Inorganic arsenic, commonly used in the past in pesticides and still used to treat timber, is considered more toxic than organic forms. The US government put a stop to the use of inorganic arsenical pesticides in the 1980s. However, inorganic arsenic residues still remains in the soil. Plus, Consumer Reports further suggests “other arsenical ingredients in animal feed to prevent disease and promote growth are still permitted,” and inorganic arsenic may lace “fertilizer made from poultry waste.”
Furthermore, health experts are concerned about arsenic exposure in childhood – even in utero. For example, a developing fetus may be exposed to arsenic in the pregnant mother’s environment (arsenic crosses the placenta). Research suggests that chronic childhood arsenic exposure may be associated with cognitive impairment (lower IQ scores) and an increased risk of illness early in life.
It is recommended that you avoid offering rice and rice products as a staple to kids under age five. Other countries have made similar recommendations, including the UK Food Standards Agency which advises that infants and young children should not consume rice milk as a substitute for cow’s milk, breast milk, or infant formula. Although we have more to learn about arsenic’s effect on our health when in the food supply, why take a risk on the health of your child, especially since side effects may not be apparent for years.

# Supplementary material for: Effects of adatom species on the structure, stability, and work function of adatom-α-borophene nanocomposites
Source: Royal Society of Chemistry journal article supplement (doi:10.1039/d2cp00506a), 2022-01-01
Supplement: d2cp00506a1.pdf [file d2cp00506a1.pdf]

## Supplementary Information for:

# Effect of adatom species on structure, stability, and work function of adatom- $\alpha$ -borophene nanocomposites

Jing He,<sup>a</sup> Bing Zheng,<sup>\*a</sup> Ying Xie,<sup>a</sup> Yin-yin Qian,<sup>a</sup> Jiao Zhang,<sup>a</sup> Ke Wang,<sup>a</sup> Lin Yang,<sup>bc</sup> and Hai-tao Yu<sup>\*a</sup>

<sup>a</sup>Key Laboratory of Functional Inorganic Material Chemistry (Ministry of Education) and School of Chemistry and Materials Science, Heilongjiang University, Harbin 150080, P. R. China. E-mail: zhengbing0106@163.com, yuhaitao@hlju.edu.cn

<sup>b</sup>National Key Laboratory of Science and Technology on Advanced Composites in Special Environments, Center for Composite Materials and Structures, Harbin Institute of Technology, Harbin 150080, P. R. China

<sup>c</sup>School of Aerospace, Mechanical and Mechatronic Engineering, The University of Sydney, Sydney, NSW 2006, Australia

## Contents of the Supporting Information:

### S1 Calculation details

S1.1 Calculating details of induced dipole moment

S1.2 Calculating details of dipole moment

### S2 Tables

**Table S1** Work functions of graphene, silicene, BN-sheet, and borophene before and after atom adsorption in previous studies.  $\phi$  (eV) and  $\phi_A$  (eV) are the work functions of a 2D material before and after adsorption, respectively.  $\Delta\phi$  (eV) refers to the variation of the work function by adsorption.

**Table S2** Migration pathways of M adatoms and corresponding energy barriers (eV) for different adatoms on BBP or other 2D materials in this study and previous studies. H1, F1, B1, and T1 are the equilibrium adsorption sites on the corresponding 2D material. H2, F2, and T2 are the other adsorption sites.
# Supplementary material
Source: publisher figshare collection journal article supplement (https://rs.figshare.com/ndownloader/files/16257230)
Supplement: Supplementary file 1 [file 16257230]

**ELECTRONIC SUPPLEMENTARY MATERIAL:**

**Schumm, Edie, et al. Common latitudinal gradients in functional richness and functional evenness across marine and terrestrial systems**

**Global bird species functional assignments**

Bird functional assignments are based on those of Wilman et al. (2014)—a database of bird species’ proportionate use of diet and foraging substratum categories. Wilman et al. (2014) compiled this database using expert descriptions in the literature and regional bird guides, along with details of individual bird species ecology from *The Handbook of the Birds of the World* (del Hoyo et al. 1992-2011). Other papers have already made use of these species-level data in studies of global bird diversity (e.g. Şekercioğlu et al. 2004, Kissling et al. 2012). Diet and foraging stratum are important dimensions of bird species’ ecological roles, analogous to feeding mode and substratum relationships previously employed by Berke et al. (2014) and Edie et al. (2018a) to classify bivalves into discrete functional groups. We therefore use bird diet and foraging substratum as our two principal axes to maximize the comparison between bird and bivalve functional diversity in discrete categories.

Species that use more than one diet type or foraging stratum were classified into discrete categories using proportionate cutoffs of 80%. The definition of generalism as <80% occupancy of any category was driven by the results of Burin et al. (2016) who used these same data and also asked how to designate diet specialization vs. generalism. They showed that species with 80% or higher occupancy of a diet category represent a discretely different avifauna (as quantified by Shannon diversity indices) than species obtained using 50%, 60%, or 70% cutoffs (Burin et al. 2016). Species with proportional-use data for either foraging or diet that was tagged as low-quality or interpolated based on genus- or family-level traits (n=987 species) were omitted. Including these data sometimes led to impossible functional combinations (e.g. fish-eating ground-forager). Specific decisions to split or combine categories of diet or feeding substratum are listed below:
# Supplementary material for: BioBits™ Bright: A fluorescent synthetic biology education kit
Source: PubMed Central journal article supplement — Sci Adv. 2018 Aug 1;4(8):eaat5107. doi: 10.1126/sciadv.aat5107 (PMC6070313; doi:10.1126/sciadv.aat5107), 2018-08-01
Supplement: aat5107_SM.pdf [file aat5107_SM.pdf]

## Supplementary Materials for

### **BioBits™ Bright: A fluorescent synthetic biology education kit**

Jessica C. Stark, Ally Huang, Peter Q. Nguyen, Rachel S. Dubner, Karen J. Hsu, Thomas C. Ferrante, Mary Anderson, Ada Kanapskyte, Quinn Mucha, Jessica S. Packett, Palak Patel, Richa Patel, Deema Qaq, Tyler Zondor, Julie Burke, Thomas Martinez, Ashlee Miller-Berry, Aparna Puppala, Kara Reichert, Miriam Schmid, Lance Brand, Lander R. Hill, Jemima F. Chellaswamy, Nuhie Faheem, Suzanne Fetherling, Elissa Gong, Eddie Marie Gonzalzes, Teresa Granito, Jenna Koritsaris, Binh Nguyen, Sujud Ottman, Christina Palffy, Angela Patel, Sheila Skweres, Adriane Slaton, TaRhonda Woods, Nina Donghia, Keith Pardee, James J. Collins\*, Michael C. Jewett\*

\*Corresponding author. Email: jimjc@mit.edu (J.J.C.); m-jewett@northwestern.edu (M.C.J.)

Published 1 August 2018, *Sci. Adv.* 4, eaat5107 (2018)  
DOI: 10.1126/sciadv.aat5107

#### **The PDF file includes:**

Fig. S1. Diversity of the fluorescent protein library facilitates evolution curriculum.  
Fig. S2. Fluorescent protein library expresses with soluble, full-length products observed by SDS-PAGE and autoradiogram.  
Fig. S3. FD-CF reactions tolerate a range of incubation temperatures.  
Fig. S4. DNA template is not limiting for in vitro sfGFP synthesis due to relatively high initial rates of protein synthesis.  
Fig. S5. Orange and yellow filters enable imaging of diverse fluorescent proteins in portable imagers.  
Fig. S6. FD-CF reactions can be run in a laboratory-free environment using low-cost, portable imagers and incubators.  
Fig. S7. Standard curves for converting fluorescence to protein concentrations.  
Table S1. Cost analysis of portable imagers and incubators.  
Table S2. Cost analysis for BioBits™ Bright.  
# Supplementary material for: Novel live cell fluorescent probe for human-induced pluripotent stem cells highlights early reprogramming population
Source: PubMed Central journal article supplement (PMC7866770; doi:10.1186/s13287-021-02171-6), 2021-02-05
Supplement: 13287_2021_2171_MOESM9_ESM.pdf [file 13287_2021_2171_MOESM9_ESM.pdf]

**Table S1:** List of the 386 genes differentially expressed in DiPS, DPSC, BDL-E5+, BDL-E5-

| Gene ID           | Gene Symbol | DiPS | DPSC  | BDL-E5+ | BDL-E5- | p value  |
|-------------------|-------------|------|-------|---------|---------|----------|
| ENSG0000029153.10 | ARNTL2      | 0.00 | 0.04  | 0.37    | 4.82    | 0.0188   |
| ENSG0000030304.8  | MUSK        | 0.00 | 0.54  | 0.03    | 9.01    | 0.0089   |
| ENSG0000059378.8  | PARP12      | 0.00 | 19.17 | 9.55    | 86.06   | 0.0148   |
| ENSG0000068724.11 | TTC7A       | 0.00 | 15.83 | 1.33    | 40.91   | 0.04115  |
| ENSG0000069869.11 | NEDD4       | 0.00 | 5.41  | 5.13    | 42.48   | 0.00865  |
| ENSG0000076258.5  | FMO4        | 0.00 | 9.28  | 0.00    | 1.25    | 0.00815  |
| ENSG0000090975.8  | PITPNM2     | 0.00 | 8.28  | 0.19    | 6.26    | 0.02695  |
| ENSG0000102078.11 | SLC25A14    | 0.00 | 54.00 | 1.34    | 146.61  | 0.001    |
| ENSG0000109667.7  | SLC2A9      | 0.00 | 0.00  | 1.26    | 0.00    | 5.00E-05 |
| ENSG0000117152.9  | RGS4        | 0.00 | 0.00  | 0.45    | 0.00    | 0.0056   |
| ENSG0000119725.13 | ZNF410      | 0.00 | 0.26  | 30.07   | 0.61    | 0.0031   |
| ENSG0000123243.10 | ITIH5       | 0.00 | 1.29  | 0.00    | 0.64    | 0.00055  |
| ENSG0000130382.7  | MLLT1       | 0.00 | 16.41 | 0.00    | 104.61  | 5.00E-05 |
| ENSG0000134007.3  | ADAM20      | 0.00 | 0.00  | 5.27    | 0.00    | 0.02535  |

Food companies have not been required by the FDA to have arsenic abatement as part of food processing. What is needed is a call to action to stimulate innovation and reward companies that invest in healthier products.
Currently the FDA still decides against stricter regulations. The FDA states that they will wait until their full analysis is complete before determining “whether or not to issue additional recommendations." FDA Commissioner Margaret A Hamburg, M.D. provided further comment on the issue: “We understand that consumers are concerned about this matter. FDA is committed to ensuring that we understand the extent to which substances such as arsenic are present in our foods, what risks they may pose, whether these risks can be minimized, and to sharing what we know.”
If you regularly consume rice and rice products, consider these suggestions and alternatives: